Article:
“Ban-busters continue to erupt in Sierra Leone and Angola, resulting in countless lives being lost and mutilated. Victor Bout is actually the main ban-buster, and the Death Merchant who owns the air. Has companies providing arms and other logistics support to rebels in Angola and Sierra Leone and taking out the diamonds that pay for those weapons … assisting and provoking people who turn their guns on British soldiers,” Hahn said in 2000. I told the House of Commons. ,

According to the book “Operation Relentless: The Hunt for the Richest, Deadliest Criminal in History” by Damian, the “Merchant of Death” moniker “came automatically after he had read another intelligence briefing on Bout’s activities.” Lewis. “It struck an immediate chord and the press raged.”

In the US, the Treasury Department’s Office of Foreign Asset Control unveiled sanctions against Bout and his companies, which confiscated assets and prevented any transactions through US banks. But his business was so concealed by front companies that the US government inadvertently contracted with two of his companies to supply supplies to US troops in Iraq.

By 2007, the Drug Enforcement Administration devised a plan to kick the bout out of Russia with an arms deal that would be hard to refuse. The agency hired an undercover agent to contact a trusted associate of Bout’s about a major business deal. That exchange marked the first meeting between the DEA’s counterfeit weapons buyers, posing as officers of the Revolutionary Armed Forces of Colombia, also known as the FARC, and Bout’s allies on the island of Curaçao, some off the coast. Colombia a hundred miles away.

Bout’s colleague, Andrew Smullian, traveled to Moscow to present Bout the deal. Smullian met with detectives in Copenhagen two weeks later and told them that his business partner liked the deal.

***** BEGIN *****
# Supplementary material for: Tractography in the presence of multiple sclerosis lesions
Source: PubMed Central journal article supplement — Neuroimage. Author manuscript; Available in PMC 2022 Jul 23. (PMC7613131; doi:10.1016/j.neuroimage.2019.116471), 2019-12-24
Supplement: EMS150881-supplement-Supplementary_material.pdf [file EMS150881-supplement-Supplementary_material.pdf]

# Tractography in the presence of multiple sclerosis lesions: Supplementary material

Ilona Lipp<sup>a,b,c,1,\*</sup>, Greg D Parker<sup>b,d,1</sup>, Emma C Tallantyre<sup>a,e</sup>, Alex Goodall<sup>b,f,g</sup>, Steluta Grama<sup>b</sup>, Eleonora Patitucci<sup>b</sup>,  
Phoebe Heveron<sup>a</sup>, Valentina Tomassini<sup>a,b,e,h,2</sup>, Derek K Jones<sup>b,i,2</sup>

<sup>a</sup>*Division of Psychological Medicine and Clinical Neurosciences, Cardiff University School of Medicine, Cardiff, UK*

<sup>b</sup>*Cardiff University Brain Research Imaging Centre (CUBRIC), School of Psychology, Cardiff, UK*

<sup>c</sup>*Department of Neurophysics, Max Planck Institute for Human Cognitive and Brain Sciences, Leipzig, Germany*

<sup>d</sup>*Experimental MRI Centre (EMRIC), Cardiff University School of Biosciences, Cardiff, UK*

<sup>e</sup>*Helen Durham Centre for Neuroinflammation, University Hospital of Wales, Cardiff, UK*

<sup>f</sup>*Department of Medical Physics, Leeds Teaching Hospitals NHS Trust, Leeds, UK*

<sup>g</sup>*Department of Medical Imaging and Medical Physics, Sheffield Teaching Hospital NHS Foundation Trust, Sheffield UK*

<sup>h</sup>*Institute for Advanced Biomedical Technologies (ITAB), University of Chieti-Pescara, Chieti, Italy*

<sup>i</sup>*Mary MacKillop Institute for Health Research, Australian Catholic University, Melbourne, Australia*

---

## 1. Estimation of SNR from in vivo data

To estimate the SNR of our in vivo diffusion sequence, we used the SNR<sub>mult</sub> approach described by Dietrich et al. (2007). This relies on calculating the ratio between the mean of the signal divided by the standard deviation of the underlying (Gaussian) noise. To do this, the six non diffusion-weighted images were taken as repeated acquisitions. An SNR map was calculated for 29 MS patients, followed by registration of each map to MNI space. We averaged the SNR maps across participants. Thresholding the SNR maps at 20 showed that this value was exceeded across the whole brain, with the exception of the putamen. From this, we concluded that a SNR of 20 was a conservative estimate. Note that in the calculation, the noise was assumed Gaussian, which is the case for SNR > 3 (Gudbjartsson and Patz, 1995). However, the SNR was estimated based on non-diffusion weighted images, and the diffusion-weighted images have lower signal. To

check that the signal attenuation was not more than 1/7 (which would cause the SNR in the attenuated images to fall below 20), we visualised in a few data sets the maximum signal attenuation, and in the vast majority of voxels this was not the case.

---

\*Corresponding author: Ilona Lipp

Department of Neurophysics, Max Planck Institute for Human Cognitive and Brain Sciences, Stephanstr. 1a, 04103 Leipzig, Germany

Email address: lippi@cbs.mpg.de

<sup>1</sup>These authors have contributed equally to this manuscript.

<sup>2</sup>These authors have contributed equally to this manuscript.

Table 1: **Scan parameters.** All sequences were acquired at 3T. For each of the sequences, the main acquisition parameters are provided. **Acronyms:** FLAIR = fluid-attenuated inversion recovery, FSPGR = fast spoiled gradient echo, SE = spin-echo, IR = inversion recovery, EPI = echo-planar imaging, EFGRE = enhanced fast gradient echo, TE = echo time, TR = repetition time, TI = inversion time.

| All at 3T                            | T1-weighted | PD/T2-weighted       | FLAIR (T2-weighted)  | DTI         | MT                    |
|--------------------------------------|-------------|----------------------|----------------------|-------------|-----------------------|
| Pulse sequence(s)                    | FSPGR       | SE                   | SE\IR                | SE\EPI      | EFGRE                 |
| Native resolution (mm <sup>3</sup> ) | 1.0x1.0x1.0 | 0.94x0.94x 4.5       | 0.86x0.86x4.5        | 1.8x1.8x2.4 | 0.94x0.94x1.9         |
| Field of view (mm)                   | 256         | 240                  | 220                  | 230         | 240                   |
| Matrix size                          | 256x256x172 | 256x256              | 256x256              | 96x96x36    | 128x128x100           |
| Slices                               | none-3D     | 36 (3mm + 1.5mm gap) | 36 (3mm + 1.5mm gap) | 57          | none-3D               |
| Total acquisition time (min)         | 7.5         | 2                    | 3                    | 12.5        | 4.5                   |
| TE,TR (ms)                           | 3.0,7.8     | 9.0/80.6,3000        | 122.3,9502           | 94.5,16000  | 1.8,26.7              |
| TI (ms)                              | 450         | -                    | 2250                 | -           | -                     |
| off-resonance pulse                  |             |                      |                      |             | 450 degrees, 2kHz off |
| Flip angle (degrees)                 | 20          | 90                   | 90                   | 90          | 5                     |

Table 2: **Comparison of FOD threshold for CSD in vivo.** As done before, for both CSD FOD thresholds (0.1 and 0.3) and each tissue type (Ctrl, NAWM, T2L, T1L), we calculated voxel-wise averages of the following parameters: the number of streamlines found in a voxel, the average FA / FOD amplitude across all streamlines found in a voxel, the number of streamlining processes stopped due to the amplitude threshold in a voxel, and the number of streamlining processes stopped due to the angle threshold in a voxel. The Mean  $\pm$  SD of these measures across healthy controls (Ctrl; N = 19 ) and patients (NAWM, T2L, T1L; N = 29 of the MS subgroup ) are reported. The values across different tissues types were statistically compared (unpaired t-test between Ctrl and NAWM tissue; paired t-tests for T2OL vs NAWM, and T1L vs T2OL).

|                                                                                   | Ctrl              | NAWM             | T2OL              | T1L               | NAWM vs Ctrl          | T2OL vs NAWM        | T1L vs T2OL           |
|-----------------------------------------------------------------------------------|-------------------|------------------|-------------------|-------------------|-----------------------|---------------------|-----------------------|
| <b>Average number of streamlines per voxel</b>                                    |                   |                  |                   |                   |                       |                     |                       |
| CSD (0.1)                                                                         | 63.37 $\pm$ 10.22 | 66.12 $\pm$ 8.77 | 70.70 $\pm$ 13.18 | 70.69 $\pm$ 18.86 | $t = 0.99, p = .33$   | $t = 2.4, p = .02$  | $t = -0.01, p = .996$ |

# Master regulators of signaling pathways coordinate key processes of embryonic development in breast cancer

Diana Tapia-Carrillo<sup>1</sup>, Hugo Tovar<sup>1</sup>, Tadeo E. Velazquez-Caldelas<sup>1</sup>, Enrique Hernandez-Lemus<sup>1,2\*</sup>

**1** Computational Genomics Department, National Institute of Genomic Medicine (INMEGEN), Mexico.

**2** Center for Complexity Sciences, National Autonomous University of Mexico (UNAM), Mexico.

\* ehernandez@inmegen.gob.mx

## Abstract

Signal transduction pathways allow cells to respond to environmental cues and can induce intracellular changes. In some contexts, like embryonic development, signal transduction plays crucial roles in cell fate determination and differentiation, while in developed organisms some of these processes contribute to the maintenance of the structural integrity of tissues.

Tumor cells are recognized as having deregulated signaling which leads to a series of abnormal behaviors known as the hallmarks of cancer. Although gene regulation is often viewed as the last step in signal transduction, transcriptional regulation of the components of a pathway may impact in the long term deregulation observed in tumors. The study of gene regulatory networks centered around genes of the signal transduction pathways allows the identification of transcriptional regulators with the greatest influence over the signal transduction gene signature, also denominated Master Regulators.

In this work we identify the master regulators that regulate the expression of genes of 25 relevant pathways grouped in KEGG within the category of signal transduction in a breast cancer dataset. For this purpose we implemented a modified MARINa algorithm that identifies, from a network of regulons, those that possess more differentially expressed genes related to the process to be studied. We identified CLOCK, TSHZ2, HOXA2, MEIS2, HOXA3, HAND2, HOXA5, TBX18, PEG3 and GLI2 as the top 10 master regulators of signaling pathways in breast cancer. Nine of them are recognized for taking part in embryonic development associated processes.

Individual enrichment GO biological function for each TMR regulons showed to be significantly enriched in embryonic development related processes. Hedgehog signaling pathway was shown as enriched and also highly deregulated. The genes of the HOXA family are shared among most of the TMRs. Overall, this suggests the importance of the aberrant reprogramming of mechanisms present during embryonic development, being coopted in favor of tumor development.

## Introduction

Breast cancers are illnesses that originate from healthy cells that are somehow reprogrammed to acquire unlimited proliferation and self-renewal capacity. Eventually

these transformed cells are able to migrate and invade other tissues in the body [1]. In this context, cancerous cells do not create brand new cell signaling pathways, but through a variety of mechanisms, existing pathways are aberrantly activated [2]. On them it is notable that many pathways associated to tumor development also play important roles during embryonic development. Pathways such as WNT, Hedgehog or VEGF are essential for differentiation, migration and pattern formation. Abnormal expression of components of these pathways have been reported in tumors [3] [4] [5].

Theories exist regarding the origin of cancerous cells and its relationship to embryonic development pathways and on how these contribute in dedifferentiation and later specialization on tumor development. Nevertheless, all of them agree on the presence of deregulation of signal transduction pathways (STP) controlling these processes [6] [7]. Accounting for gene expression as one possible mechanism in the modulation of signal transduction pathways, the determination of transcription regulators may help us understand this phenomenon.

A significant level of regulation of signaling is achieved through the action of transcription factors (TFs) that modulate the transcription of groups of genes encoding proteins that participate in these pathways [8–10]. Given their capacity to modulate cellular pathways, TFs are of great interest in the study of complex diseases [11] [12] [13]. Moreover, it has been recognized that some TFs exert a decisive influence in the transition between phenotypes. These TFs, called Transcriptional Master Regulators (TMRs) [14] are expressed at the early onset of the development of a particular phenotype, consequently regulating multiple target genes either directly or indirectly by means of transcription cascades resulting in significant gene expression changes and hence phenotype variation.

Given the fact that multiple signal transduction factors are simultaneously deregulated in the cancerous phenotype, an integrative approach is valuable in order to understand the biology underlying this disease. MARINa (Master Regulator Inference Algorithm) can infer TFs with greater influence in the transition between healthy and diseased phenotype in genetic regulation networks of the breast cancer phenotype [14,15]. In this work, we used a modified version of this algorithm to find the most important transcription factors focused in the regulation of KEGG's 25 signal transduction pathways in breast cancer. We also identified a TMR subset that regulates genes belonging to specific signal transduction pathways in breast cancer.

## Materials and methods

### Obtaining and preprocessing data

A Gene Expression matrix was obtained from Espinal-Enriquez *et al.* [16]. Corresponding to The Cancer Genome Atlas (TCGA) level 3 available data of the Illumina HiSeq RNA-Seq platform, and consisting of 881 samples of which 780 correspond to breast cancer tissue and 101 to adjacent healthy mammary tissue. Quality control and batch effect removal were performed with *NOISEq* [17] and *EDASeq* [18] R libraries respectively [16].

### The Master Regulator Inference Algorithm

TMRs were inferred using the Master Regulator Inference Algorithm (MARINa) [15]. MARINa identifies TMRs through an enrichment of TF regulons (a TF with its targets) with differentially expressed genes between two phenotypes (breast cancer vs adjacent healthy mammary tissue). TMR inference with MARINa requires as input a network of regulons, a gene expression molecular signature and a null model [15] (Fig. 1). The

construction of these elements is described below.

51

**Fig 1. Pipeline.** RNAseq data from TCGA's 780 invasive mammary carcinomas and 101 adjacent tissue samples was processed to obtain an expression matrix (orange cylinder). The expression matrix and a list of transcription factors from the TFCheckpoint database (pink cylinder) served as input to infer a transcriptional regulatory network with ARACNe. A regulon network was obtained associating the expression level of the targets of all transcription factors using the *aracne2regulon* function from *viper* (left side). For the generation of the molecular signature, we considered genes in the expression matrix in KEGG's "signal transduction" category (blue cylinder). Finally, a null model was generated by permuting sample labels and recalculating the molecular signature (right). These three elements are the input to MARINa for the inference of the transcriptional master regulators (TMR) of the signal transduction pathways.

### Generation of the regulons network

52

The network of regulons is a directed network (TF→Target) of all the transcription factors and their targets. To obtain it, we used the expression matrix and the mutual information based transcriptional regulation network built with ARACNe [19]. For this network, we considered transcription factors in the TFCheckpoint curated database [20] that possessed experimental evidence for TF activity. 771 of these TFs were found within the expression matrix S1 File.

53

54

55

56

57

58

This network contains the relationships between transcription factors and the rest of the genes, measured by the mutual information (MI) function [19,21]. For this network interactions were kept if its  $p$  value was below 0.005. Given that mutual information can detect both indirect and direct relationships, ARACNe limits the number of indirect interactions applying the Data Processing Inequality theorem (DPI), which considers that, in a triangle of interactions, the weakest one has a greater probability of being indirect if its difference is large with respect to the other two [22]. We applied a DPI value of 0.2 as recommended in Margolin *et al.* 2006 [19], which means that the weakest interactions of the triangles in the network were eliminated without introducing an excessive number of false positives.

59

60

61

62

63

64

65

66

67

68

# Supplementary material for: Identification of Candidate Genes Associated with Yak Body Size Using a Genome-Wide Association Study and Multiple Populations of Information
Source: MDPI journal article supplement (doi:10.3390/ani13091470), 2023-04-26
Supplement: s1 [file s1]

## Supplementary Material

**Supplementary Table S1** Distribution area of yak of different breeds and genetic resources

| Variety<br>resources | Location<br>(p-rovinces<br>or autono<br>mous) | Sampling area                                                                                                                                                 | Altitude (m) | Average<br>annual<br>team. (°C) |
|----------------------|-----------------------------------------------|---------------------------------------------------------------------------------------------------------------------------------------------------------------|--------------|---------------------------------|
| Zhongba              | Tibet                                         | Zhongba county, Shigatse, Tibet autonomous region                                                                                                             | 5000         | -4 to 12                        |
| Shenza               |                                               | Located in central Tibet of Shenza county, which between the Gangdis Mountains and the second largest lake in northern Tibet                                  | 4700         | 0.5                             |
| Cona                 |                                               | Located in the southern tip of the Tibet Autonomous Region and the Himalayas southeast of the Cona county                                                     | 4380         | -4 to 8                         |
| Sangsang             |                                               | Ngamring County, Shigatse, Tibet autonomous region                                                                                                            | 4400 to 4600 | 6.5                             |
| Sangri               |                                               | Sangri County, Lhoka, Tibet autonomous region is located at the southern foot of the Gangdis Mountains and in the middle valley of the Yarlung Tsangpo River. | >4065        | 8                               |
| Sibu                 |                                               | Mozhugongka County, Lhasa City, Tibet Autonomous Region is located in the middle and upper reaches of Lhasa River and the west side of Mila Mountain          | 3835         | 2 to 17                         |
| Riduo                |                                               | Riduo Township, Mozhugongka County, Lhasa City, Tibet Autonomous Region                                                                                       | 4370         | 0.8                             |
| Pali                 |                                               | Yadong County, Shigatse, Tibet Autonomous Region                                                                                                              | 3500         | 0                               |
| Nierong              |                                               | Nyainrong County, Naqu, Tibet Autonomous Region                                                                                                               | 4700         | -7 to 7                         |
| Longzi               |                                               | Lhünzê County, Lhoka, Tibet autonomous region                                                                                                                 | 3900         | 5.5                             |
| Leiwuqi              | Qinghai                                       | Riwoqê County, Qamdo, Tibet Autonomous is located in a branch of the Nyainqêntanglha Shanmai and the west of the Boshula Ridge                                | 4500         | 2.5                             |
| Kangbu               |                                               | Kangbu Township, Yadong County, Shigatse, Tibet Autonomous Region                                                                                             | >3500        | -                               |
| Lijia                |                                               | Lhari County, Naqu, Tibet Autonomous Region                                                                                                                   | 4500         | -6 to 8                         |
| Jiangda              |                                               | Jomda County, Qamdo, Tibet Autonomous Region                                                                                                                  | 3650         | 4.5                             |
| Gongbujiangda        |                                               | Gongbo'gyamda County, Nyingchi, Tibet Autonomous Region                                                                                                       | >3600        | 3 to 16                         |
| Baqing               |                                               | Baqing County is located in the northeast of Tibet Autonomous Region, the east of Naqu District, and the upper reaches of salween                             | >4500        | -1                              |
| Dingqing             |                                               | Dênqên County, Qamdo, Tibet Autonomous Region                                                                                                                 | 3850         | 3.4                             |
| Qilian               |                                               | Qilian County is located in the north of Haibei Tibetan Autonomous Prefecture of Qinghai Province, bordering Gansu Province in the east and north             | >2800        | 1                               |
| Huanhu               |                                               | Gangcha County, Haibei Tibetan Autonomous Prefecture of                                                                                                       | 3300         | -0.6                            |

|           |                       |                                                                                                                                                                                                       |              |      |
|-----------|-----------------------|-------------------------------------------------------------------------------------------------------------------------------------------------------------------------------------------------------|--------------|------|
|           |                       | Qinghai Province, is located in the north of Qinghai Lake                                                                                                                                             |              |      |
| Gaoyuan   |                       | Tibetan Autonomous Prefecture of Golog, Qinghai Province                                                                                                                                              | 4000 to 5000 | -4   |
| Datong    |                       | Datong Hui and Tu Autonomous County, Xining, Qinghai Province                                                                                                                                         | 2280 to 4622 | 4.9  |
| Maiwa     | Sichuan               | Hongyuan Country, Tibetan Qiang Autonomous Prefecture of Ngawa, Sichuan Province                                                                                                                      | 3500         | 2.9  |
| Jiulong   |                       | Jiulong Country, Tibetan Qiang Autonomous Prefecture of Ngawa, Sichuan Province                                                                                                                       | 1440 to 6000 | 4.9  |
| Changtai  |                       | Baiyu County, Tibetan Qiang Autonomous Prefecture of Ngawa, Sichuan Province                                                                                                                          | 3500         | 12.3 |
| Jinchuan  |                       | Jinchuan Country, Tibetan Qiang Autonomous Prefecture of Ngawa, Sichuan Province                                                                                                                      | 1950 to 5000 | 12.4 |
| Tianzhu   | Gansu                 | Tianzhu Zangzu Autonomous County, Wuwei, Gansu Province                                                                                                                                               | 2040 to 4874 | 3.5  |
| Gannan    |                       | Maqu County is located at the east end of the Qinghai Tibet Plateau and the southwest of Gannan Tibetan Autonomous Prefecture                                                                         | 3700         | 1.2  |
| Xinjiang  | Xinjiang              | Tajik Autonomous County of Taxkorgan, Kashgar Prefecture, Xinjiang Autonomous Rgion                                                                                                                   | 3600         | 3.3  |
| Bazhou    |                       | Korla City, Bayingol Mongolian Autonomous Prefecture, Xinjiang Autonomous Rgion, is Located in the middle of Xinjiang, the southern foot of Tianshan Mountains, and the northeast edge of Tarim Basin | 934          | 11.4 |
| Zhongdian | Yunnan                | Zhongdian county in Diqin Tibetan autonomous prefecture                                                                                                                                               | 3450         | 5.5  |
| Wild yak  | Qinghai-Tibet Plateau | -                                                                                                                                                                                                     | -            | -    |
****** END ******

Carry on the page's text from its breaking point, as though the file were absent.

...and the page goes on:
Weeks later, Bout was on his way to Thailand, thinking he would meet with FARC officials to discuss shipping what prosecutors called “an arsenal of military-grade weapons” for attacking American helicopters in Colombia.

During a March 2008 meeting in a Bangkok hotel conference room, Bout told DEA informants posing as FARC officials that he could drop weapons in Colombia and acknowledged that the weapons could be used to kill Americans.

After listening to the meeting, Thai police and DEA agents broke into the room and arrested the bout.

“The game is over,” said the bout.

Alleged Russian arms dealer Viktor Bout
The accused Russian arms dealer Viktor Bout arrived in Bangkok court on October 5, 2010.

Nicolas Asfouri/AFP via Getty Images


He was extradited to the US in 2010 after two years of legal proceedings and pleaded guilty to terrorism charges a year later.

Bout was sentenced to 25 years in prison. Now 55 years old, he was expected to be released in August 2029, according to the Federal Bureau of Prisons website.

“They’ll try to lock me in for the rest of my life,” Bout told The New Yorker before his sentencing. “But I’ll be back to Russia. I don’t know when. But I’m still young.”